What is an AFCI?

If you bought a new home recently, had new electrical lines ran and/or failed an inspection due to “AFCI’s”, you probably are wondering “what the heck is an AFCI, and why is it so much more costly then a regular breaker?” Well, I am here to help. I have created a general overview of the device, how it works, and why they are so “important.” Some may consider AFCIs a nuisance; however, following the new codes for these are important to ensure safety for you and your family!


AFCI General Overview


What are AFCIs and what Purpose do they Serve?


An AFCI is a special circuit breaker that is designed to help protect against fires resulting from electrical arcing, often caused by damaged or deteriorated wires and cords. Fires result from the heat generated from electrical arcing near combustible materials such as paper, wood, carpet, etc. Some causes of damaged and deteriorated wiring include puncturing of wire insulation from picture hanging, cable stables, drywall screws, poorly installed outlets or switches, cords caught in doors or under furniture, furniture pushed against plugs in an outlet, natural aging, and cord exposure to heat vents and sunlight.


How have AFCIs evolved into the National Electric Code (NEC)?


The 2002 edition of the National Electric Code (NEC), Section 210.12 requires all branch circuits that supply 120-volt, single-phase, 15- and 20-ampere outlets (“outlets” includes lighting fixtures as defined by code) installed in dwelling unit bedrooms to be protected by an AFCI listed to provide protection of the entire branch circuit. This requirement became effective January 2002 for all new installations.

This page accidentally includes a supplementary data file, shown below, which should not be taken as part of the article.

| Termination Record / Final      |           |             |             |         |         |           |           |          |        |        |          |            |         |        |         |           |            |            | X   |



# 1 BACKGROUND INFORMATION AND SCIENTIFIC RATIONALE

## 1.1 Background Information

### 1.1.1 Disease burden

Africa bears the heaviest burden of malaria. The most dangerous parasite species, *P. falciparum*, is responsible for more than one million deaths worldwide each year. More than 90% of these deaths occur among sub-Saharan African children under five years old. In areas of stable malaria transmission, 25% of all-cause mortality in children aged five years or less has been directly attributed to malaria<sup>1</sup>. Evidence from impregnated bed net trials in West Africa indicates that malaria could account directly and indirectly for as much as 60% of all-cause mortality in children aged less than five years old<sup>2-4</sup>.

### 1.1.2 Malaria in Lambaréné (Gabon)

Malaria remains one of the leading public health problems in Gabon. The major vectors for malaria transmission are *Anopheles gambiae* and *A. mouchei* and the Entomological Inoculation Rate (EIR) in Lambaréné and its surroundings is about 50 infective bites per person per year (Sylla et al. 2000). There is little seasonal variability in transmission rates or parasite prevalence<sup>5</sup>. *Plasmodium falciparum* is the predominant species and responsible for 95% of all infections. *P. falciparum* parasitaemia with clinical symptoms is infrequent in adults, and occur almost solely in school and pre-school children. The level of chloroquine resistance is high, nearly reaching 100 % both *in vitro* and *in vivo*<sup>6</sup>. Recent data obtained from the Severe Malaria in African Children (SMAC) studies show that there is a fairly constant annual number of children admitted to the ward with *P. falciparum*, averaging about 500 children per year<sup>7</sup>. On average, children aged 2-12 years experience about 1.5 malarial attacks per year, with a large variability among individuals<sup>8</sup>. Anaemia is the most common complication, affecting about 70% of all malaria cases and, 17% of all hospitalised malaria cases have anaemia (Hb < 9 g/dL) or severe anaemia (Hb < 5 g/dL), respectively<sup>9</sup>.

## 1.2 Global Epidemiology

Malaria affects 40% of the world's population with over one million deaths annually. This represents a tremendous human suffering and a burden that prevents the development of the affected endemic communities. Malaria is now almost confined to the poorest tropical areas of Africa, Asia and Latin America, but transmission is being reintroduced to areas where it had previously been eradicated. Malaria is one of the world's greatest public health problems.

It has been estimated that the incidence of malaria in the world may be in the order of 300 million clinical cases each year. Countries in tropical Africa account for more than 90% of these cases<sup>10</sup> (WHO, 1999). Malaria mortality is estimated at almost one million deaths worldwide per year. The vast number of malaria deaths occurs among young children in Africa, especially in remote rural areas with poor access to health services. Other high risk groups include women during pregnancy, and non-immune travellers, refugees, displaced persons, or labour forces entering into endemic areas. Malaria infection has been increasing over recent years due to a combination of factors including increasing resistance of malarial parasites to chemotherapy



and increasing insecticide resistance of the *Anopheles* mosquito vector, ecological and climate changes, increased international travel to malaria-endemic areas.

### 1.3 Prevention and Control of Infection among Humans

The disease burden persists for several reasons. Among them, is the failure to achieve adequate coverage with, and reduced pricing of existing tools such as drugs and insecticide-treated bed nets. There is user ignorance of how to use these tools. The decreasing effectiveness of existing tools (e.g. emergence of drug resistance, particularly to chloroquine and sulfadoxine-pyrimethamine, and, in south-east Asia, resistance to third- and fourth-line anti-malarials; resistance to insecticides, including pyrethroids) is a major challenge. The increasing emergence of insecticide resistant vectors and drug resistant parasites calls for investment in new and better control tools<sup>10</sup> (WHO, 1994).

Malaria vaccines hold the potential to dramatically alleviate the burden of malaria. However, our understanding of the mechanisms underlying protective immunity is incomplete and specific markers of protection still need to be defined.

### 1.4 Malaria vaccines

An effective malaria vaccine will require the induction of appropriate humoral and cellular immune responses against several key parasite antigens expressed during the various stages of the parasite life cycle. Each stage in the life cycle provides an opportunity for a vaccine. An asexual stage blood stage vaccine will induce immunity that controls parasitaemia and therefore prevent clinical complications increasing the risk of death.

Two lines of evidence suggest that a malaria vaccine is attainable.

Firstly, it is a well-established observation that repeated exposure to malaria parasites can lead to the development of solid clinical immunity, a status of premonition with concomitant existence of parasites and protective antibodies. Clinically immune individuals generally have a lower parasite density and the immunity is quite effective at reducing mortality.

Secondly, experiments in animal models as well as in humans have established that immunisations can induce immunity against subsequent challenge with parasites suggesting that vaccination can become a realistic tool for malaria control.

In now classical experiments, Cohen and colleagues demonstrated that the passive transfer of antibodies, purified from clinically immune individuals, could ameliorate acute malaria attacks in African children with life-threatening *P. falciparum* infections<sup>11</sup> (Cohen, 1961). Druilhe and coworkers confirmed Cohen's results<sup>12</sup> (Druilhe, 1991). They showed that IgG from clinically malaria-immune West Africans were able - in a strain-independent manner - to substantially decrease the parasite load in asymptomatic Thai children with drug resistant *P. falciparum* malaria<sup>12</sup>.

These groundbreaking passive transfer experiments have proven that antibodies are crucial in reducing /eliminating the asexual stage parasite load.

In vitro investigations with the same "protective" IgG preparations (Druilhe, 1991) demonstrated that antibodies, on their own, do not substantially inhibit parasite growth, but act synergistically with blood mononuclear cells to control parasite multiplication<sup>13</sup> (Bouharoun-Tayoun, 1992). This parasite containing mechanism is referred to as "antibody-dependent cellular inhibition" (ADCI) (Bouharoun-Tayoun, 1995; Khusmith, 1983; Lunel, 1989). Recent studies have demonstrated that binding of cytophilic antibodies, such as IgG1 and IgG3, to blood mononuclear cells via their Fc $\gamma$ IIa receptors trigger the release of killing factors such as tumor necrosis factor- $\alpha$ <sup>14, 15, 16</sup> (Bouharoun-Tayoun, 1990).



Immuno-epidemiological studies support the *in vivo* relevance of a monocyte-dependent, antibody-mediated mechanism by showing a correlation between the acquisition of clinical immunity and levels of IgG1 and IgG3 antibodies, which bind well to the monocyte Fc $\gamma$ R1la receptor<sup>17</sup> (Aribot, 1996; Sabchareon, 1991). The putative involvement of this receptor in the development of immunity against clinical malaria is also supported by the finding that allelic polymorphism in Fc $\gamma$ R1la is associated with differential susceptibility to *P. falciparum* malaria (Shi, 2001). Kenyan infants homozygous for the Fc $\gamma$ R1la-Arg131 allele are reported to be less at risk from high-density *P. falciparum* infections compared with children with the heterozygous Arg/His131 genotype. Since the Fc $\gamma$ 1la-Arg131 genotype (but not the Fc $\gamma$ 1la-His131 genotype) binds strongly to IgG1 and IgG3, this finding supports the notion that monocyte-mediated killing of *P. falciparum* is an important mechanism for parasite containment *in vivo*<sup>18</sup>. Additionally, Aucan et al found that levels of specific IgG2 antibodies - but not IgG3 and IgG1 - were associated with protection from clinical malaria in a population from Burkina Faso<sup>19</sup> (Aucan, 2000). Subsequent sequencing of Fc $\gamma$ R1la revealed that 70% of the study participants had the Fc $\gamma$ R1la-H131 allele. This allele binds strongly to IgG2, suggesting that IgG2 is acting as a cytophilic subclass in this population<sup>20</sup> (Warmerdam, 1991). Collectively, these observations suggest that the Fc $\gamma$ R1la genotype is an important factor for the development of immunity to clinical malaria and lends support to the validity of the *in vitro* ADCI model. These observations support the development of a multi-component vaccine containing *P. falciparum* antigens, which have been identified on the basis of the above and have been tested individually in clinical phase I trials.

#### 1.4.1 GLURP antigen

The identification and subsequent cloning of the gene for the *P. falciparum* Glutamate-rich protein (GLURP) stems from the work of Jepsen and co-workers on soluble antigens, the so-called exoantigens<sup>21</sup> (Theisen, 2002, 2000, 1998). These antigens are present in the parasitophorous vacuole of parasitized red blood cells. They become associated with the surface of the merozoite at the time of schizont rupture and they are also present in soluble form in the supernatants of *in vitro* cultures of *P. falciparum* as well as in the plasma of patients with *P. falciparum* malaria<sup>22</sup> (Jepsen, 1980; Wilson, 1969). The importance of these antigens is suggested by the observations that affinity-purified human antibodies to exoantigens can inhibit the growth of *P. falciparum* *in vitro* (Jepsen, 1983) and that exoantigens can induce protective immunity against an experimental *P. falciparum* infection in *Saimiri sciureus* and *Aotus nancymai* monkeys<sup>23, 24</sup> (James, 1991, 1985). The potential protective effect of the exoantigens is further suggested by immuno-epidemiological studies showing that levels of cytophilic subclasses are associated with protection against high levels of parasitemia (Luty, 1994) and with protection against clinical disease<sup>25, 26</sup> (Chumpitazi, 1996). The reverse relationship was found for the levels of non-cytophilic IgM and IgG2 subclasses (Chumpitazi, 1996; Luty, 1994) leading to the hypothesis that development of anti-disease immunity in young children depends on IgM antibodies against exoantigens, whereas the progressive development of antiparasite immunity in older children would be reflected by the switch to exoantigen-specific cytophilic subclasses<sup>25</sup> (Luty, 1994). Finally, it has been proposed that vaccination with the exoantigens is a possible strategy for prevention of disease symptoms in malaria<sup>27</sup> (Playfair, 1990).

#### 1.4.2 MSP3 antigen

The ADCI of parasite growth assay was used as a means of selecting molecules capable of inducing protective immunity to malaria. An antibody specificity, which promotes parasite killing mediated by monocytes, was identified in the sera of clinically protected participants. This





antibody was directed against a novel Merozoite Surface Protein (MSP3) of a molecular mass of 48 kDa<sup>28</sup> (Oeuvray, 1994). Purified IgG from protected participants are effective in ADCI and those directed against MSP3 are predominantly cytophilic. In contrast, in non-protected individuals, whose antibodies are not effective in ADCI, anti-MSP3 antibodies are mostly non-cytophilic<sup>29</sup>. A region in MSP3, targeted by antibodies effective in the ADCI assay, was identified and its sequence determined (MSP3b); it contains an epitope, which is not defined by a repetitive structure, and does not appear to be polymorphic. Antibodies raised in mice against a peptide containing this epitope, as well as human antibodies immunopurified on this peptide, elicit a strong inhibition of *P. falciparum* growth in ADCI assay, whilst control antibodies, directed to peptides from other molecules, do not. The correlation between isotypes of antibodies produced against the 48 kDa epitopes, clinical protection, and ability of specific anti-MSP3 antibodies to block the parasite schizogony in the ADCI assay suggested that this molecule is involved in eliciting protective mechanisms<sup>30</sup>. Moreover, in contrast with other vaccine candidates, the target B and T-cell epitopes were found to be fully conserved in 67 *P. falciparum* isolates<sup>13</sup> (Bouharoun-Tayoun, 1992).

The 2008 edition of the NEC, Section 210.12 Arc-Fault Circuit Interrupter Protection increased these requirements to include dwelling unit family rooms, dining rooms, living rooms, parlors, libraries, dens, bedrooms, sunrooms, recreation rooms, closets, hallways, or similar rooms for all new installations.


How do AFCIs work?


The internal circuitry of an AFCI continuously monitors current flow in the branch circuit. AFCIs apply intelligent algorithms to the current flow information in an attempt to distinguish between normal arcing (for example the arcing that occurs when a mechanical switch is opened or closed) and unwanted arcing. This allows AFCIs to detect arcing conditions that conventional circuit breakers are unable to detect. Conventional circuit breakers only respond to sustained overloads and short circuits; so they do not protect against arcing that is characterized by erratic current flow. Once an unwanted arcing condition is detected, the control circuitry in the AFCI trips – de- energizing the circuit to avoid a potential fire.